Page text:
Adding a few million subscribers to a streaming platform isn't going to impress Wall Street. For example, Disney's target for Disney + is 260 million subscribers worldwide by 2024.
It's still possible that Disney, WarnerMedia, and Peacock will at some point just include live news with their existing streaming services. But news has over-the-top advertising value because it is seen live and advertisements cannot be skipped. Simply packing messages into SVOD services seems like a missed opportunity to monetize valuable programs that advertisers are looking for.
Media companies should focus on making standalone news businesses profitable, said Christy Tanner, executive vice president and general manager of CBS News Digital.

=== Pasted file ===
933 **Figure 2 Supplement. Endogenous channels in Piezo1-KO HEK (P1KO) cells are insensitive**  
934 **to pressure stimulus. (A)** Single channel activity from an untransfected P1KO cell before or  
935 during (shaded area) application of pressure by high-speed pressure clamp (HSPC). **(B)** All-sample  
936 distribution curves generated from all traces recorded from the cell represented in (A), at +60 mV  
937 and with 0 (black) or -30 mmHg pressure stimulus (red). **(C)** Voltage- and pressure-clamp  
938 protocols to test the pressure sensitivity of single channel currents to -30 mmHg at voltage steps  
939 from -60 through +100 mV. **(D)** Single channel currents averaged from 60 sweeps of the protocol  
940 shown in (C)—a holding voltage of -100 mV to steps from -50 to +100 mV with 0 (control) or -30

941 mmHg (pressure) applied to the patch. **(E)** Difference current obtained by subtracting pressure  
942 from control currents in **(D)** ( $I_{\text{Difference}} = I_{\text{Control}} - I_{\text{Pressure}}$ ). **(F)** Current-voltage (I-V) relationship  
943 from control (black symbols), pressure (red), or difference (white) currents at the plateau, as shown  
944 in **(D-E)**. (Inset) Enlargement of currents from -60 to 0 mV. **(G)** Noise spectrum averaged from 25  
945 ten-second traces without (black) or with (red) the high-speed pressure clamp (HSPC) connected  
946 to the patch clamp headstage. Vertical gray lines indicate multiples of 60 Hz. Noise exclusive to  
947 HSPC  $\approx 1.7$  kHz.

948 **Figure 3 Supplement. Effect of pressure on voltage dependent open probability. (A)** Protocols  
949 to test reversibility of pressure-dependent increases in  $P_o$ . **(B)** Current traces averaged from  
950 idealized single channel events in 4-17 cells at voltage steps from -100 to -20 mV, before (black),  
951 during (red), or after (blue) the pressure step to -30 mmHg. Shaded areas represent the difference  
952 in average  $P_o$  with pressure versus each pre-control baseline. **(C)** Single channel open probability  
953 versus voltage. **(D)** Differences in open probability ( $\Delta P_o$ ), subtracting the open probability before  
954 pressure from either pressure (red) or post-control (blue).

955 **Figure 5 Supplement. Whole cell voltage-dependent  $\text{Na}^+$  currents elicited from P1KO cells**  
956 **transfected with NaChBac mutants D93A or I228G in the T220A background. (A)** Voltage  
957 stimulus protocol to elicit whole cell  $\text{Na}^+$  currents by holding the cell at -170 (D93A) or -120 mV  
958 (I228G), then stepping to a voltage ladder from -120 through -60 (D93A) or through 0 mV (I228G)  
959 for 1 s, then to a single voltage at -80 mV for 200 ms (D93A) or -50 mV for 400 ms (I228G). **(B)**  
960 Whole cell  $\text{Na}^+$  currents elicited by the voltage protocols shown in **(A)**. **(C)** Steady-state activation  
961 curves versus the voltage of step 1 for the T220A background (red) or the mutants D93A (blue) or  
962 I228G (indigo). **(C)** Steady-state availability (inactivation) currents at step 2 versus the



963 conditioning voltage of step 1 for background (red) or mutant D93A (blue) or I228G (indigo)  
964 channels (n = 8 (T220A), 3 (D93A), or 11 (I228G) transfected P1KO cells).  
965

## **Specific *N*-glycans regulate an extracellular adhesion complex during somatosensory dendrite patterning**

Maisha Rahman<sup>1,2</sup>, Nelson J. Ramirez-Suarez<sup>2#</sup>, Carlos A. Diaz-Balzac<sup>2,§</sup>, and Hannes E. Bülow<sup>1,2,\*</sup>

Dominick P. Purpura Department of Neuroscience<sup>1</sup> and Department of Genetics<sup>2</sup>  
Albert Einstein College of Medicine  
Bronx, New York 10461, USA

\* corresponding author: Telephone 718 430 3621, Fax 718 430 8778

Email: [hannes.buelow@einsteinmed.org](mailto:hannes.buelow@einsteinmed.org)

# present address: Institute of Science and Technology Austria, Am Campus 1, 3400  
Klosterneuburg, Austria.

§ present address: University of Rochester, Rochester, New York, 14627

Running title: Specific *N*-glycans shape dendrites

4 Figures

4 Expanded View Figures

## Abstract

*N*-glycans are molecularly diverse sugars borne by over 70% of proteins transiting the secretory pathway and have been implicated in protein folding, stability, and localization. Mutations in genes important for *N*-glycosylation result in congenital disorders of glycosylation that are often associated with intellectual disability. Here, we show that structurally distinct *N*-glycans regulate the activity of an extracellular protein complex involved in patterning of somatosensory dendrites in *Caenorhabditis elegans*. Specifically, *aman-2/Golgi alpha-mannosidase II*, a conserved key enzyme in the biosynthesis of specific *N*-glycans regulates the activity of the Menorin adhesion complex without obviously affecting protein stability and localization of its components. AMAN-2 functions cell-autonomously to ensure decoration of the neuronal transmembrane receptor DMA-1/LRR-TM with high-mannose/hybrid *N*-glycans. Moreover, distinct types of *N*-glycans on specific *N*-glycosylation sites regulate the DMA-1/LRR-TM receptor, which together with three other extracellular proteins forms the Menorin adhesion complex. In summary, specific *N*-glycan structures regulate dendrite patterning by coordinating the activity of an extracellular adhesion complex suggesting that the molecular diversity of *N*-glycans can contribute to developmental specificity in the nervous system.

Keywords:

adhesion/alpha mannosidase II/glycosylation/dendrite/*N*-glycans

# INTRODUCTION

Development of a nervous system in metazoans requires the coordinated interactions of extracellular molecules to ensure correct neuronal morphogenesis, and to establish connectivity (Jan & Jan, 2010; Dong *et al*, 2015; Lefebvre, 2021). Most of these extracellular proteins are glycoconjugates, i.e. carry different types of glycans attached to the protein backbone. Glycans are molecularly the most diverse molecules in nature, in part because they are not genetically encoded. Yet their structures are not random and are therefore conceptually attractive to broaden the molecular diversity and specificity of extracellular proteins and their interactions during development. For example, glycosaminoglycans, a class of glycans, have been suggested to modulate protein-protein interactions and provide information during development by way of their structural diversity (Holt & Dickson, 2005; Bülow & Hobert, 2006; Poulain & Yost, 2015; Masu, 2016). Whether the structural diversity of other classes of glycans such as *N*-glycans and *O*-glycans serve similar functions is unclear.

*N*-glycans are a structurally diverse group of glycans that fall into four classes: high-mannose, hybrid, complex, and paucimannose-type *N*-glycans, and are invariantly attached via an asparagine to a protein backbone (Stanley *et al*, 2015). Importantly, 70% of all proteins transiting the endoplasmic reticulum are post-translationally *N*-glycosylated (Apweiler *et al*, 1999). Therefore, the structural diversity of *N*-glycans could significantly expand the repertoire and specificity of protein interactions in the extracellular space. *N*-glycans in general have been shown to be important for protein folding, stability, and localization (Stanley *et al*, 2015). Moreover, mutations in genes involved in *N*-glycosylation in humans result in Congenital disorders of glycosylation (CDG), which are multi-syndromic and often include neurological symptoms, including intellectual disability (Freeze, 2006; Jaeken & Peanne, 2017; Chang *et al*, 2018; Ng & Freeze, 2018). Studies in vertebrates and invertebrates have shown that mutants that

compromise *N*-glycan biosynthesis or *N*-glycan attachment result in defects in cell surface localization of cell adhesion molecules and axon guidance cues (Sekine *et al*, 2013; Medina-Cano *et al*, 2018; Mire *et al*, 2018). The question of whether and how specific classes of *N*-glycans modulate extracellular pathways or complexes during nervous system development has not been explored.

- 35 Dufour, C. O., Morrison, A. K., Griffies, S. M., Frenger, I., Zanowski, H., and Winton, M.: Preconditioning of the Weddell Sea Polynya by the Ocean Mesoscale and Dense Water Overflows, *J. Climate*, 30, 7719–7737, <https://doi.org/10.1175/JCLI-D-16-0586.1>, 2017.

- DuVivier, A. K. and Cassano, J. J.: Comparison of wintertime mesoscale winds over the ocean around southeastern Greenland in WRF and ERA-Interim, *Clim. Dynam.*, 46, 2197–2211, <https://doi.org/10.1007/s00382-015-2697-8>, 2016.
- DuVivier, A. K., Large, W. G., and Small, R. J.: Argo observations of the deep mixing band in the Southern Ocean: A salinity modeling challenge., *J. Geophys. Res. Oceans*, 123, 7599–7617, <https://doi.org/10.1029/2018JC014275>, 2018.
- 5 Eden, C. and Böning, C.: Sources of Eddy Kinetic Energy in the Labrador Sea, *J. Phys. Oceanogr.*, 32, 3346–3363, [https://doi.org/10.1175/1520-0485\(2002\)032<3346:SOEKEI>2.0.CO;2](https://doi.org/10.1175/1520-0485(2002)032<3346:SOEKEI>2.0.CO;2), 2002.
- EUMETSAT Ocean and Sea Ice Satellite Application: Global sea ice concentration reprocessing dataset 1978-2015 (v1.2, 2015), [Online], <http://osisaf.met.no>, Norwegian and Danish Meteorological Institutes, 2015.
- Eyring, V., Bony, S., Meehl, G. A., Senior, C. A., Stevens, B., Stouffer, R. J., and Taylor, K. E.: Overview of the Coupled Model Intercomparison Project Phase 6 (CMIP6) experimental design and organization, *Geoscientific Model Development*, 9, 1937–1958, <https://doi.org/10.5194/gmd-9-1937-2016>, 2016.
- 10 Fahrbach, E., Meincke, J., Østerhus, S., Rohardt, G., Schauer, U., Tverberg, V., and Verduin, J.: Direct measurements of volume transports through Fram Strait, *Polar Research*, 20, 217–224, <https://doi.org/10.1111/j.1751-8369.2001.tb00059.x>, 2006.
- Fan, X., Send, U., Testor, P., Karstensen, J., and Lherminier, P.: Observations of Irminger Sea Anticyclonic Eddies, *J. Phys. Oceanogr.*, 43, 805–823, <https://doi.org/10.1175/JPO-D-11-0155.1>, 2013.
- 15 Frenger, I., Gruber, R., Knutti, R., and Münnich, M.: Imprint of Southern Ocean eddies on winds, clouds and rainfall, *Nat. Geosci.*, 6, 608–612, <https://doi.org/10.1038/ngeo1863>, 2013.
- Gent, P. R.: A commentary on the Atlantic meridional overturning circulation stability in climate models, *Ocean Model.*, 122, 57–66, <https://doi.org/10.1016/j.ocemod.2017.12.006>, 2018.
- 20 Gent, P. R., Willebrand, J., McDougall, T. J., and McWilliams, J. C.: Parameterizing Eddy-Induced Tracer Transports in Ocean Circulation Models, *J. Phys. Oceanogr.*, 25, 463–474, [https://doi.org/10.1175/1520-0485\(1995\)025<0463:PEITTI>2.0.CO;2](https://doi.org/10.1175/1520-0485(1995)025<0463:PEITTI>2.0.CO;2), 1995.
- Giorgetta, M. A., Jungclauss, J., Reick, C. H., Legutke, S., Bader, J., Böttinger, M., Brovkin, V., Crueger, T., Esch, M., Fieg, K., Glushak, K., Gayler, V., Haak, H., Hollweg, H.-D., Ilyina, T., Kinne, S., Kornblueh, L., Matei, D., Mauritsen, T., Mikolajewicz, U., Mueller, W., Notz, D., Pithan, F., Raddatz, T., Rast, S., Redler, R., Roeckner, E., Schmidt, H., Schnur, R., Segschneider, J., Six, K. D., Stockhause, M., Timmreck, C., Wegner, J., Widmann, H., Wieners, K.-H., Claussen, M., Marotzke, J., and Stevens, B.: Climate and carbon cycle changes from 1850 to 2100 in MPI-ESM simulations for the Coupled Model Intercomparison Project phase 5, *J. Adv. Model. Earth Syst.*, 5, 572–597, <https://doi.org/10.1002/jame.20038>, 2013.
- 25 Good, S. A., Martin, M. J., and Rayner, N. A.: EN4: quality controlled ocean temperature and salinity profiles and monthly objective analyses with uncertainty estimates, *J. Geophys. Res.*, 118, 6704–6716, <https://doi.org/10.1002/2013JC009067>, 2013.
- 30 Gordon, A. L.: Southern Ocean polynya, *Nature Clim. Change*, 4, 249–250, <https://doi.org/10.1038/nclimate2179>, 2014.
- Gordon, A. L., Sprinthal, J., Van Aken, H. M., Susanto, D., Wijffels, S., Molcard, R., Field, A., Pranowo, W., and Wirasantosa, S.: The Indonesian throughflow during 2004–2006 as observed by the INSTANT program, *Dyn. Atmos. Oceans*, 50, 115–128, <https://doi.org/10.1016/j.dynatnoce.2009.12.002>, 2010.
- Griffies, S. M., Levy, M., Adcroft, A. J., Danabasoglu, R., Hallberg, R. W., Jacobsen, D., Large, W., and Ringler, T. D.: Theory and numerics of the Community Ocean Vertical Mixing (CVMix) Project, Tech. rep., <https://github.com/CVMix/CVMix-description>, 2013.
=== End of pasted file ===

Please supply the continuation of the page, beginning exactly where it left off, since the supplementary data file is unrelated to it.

"There's no reason a media company can't have a successful news operation on a key performance indicator," said Tanner. "It's not a far-fetched concept for a news company to be self-sustaining, profitable, growing, innovative and successful."
Until now, digital news products have been tangential to linear live programming. Fox Corp. is selling Fox Nation, a Fox News spin-off, for $ 5.99 per month. WarnerMedia is considering launching a CNN-focused streaming service. According to CBS Tanner, ViacomCBS's CBSN, a free, ad-based streaming product separate from CBS's linear news, is profitable.
Over time, as subscribers to pay TV bundles continue to decline, the stand-alone, news-based, subscription video products are likely to duplicate the same broadcast and cable programming.
A new approach: bundling TV and print news